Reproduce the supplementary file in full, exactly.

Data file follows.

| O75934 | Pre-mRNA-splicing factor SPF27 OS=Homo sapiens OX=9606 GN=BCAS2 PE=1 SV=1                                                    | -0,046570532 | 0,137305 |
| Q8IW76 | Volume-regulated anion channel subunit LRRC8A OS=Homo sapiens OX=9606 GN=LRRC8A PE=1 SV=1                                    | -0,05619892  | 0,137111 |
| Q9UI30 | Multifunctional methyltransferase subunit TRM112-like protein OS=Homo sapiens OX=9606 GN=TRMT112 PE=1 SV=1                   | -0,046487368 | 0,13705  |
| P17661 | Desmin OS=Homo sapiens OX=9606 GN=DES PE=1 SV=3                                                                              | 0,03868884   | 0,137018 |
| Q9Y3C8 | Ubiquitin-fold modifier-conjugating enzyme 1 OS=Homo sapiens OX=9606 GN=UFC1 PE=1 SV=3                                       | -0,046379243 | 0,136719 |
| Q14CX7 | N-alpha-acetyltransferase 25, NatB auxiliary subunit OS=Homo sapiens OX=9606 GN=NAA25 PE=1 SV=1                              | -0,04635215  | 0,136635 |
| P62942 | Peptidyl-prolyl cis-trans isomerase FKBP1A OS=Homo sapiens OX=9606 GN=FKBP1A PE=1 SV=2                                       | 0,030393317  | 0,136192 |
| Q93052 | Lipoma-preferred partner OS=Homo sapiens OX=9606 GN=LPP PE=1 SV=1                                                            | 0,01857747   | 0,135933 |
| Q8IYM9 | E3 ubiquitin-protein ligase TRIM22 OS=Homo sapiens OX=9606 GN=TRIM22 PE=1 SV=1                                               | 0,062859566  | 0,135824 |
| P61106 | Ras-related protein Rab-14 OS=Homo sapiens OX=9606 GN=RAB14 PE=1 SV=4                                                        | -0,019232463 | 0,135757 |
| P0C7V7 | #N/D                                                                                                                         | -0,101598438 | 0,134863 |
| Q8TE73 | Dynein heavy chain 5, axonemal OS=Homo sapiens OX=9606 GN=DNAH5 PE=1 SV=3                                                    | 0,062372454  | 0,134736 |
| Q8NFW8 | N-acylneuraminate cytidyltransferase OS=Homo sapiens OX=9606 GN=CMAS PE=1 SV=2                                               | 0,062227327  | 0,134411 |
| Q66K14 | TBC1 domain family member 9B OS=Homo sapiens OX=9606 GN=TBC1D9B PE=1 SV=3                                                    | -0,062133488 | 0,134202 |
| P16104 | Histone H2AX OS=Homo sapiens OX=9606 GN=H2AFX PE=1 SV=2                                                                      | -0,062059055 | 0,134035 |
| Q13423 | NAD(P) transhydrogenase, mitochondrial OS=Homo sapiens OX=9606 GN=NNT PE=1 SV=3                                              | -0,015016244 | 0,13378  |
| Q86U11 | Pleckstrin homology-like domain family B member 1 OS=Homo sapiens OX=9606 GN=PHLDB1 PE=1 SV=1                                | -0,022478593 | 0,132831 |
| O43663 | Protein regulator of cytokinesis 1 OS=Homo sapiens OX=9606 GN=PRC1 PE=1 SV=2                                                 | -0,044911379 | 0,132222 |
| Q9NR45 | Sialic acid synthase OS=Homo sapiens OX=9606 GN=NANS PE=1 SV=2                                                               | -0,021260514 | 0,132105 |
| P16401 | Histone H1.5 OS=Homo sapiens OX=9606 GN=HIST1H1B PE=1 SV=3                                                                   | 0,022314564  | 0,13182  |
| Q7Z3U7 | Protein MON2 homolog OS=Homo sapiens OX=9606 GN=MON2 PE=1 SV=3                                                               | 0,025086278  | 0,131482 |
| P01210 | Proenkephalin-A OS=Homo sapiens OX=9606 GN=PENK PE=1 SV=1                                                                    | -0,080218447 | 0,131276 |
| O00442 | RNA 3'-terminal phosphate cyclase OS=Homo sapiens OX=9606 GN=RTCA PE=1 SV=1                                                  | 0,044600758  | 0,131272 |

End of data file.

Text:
| O75934 | Pre-mRNA-splicing factor SPF27 OS=Homo sapiens OX=9606 GN=BCAS2 PE=1 SV=1                                                    | -0,046570532 | 0,137305 |
| Q8IW76 | Volume-regulated anion channel subunit LRRC8A OS=Homo sapiens OX=9606 GN=LRRC8A PE=1 SV=1                                    | -0,05619892  | 0,137111 |
| Q9UI30 | Multifunctional methyltransferase subunit TRM112-like protein OS=Homo sapiens OX=9606 GN=TRMT112 PE=1 SV=1                   | -0,046487368 | 0,13705  |
| P17661 | Desmin OS=Homo sapiens OX=9606 GN=DES PE=1 SV=3                                                                              | 0,03868884   | 0,137018 |
| Q9Y3C8 | Ubiquitin-fold modifier-conjugating enzyme 1 OS=Homo sapiens OX=9606 GN=UFC1 PE=1 SV=3                                       | -0,046379243 | 0,136719 |
| Q14CX7 | N-alpha-acetyltransferase 25, NatB auxiliary subunit OS=Homo sapiens OX=9606 GN=NAA25 PE=1 SV=1                              | -0,04635215  | 0,136635 |
| P62942 | Peptidyl-prolyl cis-trans isomerase FKBP1A OS=Homo sapiens OX=9606 GN=FKBP1A PE=1 SV=2                                       | 0,030393317  | 0,136192 |
| Q93052 | Lipoma-preferred partner OS=Homo sapiens OX=9606 GN=LPP PE=1 SV=1                                                            | 0,01857747   | 0,135933 |
| Q8IYM9 | E3 ubiquitin-protein ligase TRIM22 OS=Homo sapiens OX=9606 GN=TRIM22 PE=1 SV=1                                               | 0,062859566  | 0,135824 |
| P61106 | Ras-related protein Rab-14 OS=Homo sapiens OX=9606 GN=RAB14 PE=1 SV=4                                                        | -0,019232463 | 0,135757 |
| P0C7V7 | #N/D                                                                                                                         | -0,101598438 | 0,134863 |
| Q8TE73 | Dynein heavy chain 5, axonemal OS=Homo sapiens OX=9606 GN=DNAH5 PE=1 SV=3                                                    | 0,062372454  | 0,134736 |
| Q8NFW8 | N-acylneuraminate cytidyltransferase OS=Homo sapiens OX=9606 GN=CMAS PE=1 SV=2                                               | 0,062227327  | 0,134411 |
| Q66K14 | TBC1 domain family member 9B OS=Homo sapiens OX=9606 GN=TBC1D9B PE=1 SV=3                                                    | -0,062133488 | 0,134202 |
| P16104 | Histone H2AX OS=Homo sapiens OX=9606 GN=H2AFX PE=1 SV=2                                                                      | -0,062059055 | 0,134035 |
| Q13423 | NAD(P) transhydrogenase, mitochondrial OS=Homo sapiens OX=9606 GN=NNT PE=1 SV=3                                              | -0,015016244 | 0,13378  |
| Q86U11 | Pleckstrin homology-like domain family B member 1 OS=Homo sapiens OX=9606 GN=PHLDB1 PE=1 SV=1                                | -0,022478593 | 0,132831 |
| O43663 | Protein regulator of cytokinesis 1 OS=Homo sapiens OX=9606 GN=PRC1 PE=1 SV=2                                                 | -0,044911379 | 0,132222 |
| Q9NR45 | Sialic acid synthase OS=Homo sapiens OX=9606 GN=NANS PE=1 SV=2                                                               | -0,021260514 | 0,132105 |
| P16401 | Histone H1.5 OS=Homo sapiens OX=9606 GN=HIST1H1B PE=1 SV=3                                                                   | 0,022314564  | 0,13182  |
| Q7Z3U7 | Protein MON2 homolog OS=Homo sapiens OX=9606 GN=MON2 PE=1 SV=3                                                               | 0,025086278  | 0,131482 |
| P01210 | Proenkephalin-A OS=Homo sapiens OX=9606 GN=PENK PE=1 SV=1                                                                    | -0,080218447 | 0,131276 |
| O00442 | RNA 3'-terminal phosphate cyclase OS=Homo sapiens OX=9606 GN=RTCA PE=1 SV=1                                                  | 0,044600758  | 0,131272 |